You never guess what it was; Avast. And not even because it thought that I had some sort of virus; because their firewall was plain out crapware: it simply couldn't cope with a simultaneous 30 peer data stream, instead it sucked up all the resources it needed to cope.

      Right now I use MS security essentials, the PC gets a full scan every once in a week and that's the end of it.

      1. Anonymous Coward
        Anonymous Coward

        Re: @DJ

        Time and time again it's proven that any anti virus software is better than non at all, but paid for security outperforms free in every case. Strangely a recent anti-virus software test in a leading UK PC magazine found Microsoft essentials at the bottom of the pack. Other tests in other magazines confirm this.

        1. Mike 125

          Re: @DJ

          Ok, wow, so it seems the evidence is overwhelming. And you present it so well. Thank you.

        2. jason 7

          Re: @DJ

          @AC Re. recent AV tests and MSE

          I've found it quite interesting that for quite some time MSE always tested really well and was always recommended.

          However, now that it's been reconfigured into Windows 8 as Defender as standard (which basically means you dont have to buy Kaspersky/Norton/McAfee etc. etc. anymore). We are getting a raft of 'independent' reports stating its not very good.


    3. Anonymous Coward
      Anonymous Coward


      Although I admire your common sense stardust (yes, a thumbs up will be on its way), unfortunately lots of people choose not to follow it. The amount of student laptops I saw whilst working at a school in my first proper IT job came in with a whole host of viruses, malware and spyware. The other issue was netbooks being too slow to even host Windows XP/7 and caused AV that was planted on there by recommendation of "PC World" to make it extreme sluggish. We're also still at a stage where parents of primary/secondary school kids are still out of touch with computers and cannot education their children on how to use the internet properly. Just pure carelessness because there's a lack of understand of what's out there on the web. And the kids in the know always encouraged torrent's and illegal downloads with other students who weren't in know.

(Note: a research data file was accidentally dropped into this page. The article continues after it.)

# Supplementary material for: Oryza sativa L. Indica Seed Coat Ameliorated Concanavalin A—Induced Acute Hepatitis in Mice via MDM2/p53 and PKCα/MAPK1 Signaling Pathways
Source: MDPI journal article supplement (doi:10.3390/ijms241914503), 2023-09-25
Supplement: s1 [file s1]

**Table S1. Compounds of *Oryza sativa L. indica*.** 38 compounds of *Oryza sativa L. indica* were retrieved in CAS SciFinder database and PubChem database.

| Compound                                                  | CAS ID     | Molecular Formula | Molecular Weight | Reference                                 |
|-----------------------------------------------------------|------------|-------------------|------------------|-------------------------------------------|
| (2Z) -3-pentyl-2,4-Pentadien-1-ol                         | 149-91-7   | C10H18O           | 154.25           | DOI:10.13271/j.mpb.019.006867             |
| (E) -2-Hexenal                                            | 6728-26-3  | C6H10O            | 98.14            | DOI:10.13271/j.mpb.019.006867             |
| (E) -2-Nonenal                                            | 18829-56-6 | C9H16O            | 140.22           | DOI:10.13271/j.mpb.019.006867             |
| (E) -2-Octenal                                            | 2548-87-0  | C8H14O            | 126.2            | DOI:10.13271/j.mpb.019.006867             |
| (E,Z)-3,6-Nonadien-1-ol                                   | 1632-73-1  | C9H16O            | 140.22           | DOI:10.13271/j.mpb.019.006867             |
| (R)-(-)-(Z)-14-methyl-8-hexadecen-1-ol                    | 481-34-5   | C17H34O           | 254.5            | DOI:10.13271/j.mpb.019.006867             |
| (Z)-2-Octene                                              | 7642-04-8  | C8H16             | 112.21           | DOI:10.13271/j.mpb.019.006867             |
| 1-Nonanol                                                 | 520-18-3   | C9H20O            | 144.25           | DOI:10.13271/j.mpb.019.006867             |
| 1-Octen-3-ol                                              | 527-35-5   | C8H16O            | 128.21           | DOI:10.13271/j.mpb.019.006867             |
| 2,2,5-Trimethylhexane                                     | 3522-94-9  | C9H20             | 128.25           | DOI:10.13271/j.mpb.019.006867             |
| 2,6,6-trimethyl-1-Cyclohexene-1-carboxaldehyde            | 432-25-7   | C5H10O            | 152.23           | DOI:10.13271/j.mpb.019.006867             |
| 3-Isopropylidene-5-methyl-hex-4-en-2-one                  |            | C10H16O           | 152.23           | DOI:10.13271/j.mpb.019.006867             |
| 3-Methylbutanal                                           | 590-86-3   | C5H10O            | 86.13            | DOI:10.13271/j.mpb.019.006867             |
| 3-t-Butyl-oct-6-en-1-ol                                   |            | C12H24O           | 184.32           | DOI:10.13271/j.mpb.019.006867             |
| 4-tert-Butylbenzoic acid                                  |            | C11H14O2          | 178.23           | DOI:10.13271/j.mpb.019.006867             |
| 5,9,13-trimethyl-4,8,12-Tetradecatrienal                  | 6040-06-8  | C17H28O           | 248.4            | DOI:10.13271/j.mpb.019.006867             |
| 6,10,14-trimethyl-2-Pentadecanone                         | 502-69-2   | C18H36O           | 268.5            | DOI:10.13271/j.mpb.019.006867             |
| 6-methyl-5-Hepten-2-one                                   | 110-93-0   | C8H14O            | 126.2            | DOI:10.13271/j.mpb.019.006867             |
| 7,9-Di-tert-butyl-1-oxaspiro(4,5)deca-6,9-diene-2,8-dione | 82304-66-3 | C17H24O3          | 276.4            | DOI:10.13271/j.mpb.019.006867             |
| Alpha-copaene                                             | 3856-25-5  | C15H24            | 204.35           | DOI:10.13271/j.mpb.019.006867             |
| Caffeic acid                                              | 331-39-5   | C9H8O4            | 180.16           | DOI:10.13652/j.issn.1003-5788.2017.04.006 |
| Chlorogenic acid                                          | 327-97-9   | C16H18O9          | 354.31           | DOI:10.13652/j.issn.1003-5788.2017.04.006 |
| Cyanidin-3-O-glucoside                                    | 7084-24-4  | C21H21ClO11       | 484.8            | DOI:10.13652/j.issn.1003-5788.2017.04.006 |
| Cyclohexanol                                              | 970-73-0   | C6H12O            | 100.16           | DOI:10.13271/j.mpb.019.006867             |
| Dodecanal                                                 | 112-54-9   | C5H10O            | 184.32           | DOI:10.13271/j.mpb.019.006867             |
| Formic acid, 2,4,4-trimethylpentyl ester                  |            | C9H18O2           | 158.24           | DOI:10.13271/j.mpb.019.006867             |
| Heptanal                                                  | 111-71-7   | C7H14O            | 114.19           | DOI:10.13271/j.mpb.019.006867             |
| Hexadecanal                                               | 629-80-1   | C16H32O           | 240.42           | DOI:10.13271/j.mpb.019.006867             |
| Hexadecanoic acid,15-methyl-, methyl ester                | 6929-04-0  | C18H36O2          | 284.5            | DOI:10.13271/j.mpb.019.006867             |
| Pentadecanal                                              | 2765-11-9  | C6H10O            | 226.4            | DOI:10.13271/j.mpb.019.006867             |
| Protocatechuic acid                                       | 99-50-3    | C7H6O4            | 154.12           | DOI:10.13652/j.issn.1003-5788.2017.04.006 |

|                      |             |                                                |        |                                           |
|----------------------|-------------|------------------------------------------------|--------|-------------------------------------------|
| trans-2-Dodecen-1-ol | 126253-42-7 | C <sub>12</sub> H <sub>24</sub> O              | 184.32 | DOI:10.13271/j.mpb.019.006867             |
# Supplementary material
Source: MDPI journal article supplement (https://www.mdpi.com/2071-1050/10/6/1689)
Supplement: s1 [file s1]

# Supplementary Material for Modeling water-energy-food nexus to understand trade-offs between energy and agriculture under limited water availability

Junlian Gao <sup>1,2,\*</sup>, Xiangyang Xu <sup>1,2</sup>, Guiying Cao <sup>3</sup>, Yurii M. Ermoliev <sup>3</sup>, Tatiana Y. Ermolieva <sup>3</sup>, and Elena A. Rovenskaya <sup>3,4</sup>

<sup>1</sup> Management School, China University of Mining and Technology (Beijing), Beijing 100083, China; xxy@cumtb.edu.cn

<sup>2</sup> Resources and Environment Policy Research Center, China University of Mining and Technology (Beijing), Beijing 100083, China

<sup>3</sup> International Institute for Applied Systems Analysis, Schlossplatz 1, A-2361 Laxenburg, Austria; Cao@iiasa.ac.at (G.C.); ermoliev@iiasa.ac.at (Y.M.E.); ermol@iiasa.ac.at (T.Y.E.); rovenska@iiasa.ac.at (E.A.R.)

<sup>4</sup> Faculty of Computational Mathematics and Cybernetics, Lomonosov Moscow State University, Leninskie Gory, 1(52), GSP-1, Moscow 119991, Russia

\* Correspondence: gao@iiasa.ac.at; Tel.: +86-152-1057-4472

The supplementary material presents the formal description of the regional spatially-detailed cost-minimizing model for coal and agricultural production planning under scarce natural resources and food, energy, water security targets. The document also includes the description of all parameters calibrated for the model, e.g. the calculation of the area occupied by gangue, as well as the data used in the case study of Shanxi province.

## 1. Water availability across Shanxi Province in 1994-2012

This comes back to the education system in the UK being clueless and will refuse to update the sylabus to teach these sort of common sense skills (along with word processing, spreadsheets and other stuff businesses want). So how on earth will our future generations know what a good site and bad site is? AV vendors will keep winning easy money until people are properly educated about common sense IT skills and the web in general.

  3. nuked

    Wait, so AV doesn't work?

    1. Anonymous Coward
      Anonymous Coward

      It works if the virus is known about, if it's new then it's not going to get detected. The virus scanners look for specific patterns in files, not recognise bad behaviour.

      1. nuked

        Set sarcasm receptors to 'on' would you

  4. koolholio

    The reality is all too real

    However there are some, such as boot sector infections which stem from simple injections, which were made for linux and mac OSX and also android etc?

    So usually knowing how to configure the antivirus/security package (given theres a difference) and also how to configure / deploy the network and application infrastructures with it, usually works best, given that not even unix is 'invincible'?